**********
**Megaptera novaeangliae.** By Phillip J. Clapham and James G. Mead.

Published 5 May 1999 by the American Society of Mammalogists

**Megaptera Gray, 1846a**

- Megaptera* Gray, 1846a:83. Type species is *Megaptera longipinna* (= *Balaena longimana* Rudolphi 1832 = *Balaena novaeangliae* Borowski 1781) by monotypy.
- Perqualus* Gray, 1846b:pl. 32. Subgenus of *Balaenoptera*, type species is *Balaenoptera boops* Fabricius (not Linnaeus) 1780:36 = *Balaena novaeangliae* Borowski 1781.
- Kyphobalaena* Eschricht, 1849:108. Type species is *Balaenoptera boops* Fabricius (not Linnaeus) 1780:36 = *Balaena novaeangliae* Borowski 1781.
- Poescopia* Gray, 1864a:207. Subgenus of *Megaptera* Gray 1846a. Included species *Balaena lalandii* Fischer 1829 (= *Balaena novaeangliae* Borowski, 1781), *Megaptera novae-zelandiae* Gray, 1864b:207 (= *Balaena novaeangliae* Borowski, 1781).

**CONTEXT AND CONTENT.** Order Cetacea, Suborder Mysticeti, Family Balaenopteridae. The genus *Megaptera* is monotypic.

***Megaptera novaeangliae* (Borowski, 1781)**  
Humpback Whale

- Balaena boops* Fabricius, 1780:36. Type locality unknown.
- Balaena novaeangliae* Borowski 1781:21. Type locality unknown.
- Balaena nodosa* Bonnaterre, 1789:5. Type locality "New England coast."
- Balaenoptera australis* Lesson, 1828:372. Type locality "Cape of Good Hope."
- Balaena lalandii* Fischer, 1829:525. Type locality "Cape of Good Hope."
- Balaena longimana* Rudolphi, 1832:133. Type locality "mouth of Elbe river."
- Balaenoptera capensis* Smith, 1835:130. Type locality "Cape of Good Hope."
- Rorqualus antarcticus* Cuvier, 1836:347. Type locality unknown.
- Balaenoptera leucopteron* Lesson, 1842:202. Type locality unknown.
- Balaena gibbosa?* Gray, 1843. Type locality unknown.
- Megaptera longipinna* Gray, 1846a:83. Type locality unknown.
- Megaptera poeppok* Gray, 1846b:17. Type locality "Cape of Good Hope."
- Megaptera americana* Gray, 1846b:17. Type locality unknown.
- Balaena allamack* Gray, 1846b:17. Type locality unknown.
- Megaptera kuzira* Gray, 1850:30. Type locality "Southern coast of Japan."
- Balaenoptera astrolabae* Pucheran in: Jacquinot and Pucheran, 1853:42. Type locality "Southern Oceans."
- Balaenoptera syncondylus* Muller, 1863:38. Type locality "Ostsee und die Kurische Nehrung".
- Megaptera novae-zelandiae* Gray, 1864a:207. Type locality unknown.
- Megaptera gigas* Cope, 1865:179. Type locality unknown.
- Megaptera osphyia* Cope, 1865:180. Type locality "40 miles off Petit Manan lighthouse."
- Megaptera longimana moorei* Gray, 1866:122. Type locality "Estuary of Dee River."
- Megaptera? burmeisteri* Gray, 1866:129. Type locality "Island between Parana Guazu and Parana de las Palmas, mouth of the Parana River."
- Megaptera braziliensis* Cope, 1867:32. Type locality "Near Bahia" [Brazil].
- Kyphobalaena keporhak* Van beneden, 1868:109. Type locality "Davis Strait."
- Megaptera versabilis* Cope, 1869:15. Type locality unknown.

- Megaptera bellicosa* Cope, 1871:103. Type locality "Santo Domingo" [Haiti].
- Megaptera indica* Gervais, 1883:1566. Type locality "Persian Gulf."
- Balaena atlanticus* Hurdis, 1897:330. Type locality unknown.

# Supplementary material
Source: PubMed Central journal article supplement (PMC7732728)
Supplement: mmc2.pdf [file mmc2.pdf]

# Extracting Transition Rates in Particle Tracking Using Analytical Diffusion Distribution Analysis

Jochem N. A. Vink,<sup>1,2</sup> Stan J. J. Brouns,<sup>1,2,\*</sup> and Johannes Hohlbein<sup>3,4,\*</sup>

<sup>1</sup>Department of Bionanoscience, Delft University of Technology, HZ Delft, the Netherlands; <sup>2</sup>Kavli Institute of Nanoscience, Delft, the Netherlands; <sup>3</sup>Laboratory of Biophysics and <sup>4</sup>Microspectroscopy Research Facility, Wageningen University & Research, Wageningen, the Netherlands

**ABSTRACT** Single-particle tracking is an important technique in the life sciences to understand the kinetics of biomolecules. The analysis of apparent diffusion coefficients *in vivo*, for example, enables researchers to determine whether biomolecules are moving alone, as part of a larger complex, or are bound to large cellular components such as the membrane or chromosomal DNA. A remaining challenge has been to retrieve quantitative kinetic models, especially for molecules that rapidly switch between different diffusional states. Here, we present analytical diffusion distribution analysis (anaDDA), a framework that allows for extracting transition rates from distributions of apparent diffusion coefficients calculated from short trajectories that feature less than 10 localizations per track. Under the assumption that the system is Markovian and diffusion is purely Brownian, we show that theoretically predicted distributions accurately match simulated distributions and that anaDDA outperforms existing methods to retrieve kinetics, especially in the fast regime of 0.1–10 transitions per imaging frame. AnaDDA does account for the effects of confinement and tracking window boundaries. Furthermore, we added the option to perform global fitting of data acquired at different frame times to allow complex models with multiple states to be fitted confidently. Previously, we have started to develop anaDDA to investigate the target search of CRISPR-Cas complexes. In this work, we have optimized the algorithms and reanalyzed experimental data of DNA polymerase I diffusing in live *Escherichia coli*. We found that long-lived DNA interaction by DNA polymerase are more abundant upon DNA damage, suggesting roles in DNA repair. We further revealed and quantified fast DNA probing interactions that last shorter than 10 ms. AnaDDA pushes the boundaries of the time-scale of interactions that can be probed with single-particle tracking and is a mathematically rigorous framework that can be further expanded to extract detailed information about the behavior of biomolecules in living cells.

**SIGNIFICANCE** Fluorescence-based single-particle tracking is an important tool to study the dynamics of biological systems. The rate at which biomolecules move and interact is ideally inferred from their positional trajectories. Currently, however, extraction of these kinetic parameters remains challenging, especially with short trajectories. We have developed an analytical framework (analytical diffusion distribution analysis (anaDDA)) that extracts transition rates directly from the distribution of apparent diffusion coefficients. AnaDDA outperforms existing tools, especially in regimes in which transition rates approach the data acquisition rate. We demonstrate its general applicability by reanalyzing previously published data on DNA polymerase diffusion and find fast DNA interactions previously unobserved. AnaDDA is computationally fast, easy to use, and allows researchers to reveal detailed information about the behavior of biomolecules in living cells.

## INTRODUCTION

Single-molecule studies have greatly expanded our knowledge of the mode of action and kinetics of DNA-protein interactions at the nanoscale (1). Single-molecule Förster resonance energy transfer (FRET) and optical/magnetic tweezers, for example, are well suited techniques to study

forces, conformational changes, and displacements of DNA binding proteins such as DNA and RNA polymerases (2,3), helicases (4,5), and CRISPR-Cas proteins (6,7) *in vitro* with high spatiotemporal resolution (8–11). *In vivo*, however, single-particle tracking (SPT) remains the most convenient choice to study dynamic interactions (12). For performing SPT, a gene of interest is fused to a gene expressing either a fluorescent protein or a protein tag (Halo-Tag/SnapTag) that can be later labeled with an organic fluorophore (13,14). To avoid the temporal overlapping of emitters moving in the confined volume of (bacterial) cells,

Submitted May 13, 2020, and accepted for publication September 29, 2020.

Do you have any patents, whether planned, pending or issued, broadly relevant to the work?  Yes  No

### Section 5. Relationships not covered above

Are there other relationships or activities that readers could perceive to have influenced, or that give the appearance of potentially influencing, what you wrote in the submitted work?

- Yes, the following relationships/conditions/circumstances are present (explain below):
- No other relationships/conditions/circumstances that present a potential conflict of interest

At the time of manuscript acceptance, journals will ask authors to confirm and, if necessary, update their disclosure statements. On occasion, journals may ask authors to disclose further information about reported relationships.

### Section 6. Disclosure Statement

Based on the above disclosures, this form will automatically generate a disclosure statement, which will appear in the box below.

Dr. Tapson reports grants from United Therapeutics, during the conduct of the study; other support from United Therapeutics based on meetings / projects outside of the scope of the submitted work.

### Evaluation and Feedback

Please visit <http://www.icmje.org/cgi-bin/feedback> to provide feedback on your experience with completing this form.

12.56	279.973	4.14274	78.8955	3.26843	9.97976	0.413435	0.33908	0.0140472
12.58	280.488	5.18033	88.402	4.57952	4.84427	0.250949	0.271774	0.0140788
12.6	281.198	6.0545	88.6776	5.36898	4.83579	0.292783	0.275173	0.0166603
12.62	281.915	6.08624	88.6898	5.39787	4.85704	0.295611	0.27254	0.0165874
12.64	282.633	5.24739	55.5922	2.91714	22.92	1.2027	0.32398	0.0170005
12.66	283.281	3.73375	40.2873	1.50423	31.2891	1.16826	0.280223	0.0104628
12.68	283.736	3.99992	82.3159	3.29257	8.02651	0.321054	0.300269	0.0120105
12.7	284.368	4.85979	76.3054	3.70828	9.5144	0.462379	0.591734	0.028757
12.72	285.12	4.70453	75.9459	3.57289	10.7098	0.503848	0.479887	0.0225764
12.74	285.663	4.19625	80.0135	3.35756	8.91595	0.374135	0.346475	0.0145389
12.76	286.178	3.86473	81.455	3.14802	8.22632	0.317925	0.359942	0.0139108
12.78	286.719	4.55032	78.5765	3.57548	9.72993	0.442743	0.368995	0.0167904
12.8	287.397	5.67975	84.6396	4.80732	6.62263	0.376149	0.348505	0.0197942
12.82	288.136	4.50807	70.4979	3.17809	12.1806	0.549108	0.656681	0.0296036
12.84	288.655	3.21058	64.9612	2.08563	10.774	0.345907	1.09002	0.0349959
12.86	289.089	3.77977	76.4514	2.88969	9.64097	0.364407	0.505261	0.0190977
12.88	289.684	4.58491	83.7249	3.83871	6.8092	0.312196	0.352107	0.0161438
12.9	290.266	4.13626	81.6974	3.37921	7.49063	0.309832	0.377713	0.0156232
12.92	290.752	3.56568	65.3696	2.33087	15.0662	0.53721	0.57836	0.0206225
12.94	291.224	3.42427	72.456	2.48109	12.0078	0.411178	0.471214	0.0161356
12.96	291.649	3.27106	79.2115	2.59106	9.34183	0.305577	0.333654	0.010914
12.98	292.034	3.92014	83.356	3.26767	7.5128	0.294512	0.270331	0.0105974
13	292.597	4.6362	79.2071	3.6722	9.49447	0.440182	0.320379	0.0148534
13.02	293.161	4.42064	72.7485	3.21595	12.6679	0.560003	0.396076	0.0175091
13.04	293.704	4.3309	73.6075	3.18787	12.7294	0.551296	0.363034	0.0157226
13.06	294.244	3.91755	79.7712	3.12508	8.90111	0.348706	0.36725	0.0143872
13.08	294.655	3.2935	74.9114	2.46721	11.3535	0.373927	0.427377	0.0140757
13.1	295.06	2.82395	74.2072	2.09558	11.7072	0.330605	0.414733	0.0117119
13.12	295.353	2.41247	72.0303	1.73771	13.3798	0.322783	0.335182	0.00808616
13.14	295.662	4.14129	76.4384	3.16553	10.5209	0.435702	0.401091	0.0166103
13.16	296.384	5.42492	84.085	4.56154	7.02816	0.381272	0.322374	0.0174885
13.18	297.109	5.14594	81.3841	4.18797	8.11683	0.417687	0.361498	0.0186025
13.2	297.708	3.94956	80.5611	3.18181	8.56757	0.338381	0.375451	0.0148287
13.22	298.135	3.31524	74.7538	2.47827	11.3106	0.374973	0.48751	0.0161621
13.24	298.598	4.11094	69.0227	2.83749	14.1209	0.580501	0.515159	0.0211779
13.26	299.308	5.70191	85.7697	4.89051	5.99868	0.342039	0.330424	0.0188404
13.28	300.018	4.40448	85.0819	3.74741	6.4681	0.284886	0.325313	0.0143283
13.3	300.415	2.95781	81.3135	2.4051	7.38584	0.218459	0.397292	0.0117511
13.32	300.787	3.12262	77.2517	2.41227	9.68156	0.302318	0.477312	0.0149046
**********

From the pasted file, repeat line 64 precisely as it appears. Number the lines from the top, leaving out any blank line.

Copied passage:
12.6	281.198	6.0545	88.6776	5.36898	4.83579	0.292783	0.275173	0.0166603